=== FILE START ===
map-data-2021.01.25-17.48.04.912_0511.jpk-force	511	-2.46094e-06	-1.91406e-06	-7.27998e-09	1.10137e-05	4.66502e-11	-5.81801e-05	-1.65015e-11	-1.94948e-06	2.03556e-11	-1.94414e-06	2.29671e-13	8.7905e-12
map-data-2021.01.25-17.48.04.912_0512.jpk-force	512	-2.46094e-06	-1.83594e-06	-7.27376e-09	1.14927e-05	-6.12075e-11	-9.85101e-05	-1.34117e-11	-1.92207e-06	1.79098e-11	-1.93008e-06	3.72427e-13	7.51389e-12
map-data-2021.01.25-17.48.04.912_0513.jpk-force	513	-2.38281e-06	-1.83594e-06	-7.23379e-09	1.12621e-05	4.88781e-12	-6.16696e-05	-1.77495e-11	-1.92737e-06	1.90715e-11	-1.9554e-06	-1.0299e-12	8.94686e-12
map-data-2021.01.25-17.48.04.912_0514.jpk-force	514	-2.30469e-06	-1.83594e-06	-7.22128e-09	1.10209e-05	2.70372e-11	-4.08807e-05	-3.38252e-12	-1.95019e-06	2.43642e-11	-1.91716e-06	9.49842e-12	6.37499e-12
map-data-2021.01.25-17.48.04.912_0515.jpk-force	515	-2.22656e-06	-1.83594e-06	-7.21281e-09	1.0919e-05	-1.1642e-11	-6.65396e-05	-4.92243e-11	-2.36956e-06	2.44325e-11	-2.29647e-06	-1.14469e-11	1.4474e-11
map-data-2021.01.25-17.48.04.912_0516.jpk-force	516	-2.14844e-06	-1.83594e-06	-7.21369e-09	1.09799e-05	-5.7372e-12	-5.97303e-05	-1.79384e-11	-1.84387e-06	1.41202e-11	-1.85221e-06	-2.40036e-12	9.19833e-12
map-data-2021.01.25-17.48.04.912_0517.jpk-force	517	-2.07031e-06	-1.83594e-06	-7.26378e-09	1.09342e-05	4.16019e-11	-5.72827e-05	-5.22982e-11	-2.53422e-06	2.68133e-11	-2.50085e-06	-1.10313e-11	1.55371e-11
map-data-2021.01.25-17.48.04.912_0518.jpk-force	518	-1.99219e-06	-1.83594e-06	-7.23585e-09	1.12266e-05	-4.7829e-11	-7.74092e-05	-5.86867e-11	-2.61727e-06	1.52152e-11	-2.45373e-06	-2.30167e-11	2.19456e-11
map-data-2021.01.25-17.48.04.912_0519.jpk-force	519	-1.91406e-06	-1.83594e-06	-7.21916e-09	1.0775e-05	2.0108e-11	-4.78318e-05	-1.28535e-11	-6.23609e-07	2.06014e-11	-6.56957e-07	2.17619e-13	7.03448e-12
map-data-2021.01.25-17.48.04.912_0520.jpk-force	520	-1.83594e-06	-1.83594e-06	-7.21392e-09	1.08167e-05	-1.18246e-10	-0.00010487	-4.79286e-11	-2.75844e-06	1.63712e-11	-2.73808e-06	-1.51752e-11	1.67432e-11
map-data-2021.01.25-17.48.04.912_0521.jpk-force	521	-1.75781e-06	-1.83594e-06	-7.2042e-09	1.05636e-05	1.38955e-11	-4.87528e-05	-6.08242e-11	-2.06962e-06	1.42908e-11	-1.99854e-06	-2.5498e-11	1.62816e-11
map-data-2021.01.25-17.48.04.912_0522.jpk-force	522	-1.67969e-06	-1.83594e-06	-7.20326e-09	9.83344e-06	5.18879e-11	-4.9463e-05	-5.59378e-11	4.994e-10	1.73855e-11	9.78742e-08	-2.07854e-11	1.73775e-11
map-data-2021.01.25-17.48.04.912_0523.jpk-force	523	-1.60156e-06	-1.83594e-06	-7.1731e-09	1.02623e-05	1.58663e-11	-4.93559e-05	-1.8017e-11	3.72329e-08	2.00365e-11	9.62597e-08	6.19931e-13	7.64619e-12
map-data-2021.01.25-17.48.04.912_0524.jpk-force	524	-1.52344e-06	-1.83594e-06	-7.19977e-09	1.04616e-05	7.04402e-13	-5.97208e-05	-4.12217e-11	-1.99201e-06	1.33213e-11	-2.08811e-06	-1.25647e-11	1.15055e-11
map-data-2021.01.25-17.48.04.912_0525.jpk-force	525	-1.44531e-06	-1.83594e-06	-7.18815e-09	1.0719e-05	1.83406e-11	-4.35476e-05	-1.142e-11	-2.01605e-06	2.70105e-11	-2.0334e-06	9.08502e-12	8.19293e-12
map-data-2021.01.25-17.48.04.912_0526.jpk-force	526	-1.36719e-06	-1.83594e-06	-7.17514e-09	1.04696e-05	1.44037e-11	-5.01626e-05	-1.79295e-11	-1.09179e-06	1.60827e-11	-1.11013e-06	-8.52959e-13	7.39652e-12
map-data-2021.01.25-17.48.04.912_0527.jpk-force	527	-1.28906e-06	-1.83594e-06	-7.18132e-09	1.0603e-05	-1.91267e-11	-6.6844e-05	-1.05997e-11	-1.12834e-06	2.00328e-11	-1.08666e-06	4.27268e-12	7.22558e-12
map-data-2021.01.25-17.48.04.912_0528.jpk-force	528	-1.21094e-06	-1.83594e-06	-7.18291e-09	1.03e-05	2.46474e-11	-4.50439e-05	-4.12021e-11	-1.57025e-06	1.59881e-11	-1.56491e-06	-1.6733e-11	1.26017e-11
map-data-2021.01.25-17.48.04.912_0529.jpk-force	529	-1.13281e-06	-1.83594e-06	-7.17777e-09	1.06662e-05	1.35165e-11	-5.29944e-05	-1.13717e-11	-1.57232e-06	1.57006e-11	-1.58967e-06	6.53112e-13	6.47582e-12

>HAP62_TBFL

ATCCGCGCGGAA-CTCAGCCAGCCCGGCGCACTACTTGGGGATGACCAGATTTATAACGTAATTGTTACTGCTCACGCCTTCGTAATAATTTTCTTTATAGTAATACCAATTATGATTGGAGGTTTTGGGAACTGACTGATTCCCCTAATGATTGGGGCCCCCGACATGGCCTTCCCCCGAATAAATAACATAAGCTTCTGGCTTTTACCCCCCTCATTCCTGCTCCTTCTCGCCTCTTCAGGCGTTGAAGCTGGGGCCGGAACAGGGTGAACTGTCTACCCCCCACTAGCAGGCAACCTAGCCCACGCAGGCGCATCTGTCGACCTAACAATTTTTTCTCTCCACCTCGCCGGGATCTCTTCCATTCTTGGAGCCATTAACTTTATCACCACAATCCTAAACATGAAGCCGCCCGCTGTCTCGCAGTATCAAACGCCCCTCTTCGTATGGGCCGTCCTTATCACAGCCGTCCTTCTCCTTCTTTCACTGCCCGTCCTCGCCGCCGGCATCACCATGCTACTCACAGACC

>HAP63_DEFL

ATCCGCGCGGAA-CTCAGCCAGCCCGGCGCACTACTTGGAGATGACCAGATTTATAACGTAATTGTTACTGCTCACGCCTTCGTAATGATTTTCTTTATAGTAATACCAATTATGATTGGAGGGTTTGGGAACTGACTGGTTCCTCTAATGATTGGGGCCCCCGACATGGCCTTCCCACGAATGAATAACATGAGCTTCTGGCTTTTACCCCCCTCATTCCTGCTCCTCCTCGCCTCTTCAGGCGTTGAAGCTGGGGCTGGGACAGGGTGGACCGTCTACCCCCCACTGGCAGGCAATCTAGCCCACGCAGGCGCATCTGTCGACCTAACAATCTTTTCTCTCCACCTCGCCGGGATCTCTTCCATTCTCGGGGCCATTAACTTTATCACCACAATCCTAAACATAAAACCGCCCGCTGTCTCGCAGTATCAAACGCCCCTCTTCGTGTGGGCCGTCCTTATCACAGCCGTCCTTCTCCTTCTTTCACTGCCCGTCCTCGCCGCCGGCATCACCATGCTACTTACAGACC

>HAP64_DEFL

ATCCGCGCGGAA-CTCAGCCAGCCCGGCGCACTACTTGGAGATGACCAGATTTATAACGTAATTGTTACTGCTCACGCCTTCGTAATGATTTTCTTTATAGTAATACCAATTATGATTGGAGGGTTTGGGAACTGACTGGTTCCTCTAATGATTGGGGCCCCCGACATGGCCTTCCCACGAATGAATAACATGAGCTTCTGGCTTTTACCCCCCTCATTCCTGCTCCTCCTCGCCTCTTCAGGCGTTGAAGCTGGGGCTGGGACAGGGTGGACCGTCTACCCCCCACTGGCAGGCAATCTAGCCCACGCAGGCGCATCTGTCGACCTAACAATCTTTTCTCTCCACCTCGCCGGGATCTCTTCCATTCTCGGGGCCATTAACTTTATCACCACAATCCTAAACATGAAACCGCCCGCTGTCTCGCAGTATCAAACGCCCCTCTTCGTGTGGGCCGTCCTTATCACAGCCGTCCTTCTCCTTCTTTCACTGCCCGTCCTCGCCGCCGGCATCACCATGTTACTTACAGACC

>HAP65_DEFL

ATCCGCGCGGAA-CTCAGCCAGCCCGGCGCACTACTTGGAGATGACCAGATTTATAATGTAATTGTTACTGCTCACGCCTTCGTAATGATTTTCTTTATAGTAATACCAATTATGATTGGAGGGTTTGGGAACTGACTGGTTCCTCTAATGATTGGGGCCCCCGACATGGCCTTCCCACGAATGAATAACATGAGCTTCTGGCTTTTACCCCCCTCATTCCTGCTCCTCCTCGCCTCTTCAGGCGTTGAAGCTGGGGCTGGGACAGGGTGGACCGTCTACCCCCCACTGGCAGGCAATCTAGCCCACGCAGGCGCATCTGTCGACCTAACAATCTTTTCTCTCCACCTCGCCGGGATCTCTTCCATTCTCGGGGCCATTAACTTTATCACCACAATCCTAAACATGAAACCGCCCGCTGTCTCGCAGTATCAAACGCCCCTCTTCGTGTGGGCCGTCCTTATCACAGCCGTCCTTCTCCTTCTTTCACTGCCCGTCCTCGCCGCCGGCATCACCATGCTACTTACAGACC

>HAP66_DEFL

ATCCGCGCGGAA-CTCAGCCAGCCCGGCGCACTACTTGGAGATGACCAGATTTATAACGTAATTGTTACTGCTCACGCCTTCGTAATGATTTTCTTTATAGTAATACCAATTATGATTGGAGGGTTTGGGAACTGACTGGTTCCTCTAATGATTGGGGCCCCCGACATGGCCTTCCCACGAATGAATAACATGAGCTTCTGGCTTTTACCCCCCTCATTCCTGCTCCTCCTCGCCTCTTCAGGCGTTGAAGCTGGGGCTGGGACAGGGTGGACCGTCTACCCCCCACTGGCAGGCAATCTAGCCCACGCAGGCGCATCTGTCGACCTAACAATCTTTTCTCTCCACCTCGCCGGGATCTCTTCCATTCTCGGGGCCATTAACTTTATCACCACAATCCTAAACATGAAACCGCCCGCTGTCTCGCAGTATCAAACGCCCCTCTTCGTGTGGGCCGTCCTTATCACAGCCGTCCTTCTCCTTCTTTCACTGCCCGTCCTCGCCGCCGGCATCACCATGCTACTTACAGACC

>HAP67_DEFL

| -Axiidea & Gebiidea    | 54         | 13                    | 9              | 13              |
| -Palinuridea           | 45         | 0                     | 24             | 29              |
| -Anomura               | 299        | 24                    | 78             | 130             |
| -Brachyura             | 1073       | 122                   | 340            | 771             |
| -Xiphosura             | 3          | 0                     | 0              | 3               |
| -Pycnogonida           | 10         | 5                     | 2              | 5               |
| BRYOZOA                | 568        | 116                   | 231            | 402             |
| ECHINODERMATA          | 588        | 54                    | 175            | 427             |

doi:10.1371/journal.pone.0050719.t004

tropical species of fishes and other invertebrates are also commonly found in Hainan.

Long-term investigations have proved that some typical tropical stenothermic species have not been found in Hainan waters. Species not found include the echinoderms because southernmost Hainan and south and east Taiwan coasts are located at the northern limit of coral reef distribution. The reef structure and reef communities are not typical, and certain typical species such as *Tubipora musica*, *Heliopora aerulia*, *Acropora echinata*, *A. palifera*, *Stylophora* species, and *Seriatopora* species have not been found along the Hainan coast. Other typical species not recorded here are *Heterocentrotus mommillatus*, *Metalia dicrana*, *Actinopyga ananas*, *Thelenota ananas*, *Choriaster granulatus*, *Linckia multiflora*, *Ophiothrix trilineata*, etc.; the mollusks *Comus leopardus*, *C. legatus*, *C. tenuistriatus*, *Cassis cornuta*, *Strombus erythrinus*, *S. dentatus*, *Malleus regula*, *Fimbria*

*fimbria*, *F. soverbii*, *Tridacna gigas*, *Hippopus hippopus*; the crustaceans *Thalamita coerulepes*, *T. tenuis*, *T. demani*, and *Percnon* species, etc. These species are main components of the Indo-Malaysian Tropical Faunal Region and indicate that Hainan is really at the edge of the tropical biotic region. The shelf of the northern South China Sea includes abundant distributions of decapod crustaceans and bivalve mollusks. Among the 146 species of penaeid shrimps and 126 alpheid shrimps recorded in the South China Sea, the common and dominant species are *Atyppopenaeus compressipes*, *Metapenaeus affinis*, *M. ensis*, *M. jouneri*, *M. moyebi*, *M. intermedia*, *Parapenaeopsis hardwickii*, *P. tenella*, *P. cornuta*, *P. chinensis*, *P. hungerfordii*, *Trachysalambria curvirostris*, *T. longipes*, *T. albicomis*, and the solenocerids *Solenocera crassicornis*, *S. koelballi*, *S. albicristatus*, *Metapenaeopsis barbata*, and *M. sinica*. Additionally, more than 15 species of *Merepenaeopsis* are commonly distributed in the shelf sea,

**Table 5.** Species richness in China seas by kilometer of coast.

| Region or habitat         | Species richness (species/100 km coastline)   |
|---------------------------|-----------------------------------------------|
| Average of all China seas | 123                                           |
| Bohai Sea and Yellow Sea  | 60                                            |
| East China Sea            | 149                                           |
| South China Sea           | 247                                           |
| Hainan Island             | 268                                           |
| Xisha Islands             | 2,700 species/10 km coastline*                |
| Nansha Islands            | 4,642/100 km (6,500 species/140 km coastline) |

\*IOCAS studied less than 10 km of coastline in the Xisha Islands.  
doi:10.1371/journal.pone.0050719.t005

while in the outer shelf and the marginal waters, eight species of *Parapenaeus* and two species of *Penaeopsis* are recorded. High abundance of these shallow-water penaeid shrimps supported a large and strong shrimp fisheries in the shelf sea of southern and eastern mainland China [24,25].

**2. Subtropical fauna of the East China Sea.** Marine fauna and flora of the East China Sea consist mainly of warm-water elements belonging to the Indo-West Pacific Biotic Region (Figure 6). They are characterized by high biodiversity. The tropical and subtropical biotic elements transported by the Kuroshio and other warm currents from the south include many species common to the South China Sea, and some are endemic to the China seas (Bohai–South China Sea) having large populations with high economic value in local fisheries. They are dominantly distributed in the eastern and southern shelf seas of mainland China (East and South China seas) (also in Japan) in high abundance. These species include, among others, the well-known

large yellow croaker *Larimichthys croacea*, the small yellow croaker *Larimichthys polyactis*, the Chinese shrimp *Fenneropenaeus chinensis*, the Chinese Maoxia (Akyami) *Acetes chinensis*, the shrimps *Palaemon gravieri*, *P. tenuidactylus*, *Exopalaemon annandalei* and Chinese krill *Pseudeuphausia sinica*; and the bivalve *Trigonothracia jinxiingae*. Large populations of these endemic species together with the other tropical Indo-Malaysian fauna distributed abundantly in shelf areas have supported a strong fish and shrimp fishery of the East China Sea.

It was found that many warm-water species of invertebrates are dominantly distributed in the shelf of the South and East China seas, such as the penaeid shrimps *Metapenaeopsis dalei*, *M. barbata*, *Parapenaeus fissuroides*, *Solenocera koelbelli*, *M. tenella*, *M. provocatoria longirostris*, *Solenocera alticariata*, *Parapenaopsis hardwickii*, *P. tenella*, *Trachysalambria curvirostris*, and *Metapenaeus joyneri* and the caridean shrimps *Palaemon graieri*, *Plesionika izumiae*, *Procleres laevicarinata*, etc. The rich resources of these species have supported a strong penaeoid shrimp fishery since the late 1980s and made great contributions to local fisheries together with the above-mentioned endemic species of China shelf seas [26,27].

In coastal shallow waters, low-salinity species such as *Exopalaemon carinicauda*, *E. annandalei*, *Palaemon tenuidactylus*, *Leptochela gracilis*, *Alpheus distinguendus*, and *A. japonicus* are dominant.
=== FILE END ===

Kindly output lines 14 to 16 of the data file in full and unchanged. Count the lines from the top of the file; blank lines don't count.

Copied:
map-data-2021.01.25-17.48.04.912_0524.jpk-force	524	-1.52344e-06	-1.83594e-06	-7.19977e-09	1.04616e-05	7.04402e-13	-5.97208e-05	-4.12217e-11	-1.99201e-06	1.33213e-11	-2.08811e-06	-1.25647e-11	1.15055e-11
map-data-2021.01.25-17.48.04.912_0525.jpk-force	525	-1.44531e-06	-1.83594e-06	-7.18815e-09	1.0719e-05	1.83406e-11	-4.35476e-05	-1.142e-11	-2.01605e-06	2.70105e-11	-2.0334e-06	9.08502e-12	8.19293e-12
map-data-2021.01.25-17.48.04.912_0526.jpk-force	526	-1.36719e-06	-1.83594e-06	-7.17514e-09	1.04696e-05	1.44037e-11	-5.01626e-05	-1.79295e-11	-1.09179e-06	1.60827e-11	-1.11013e-06	-8.52959e-13	7.39652e-12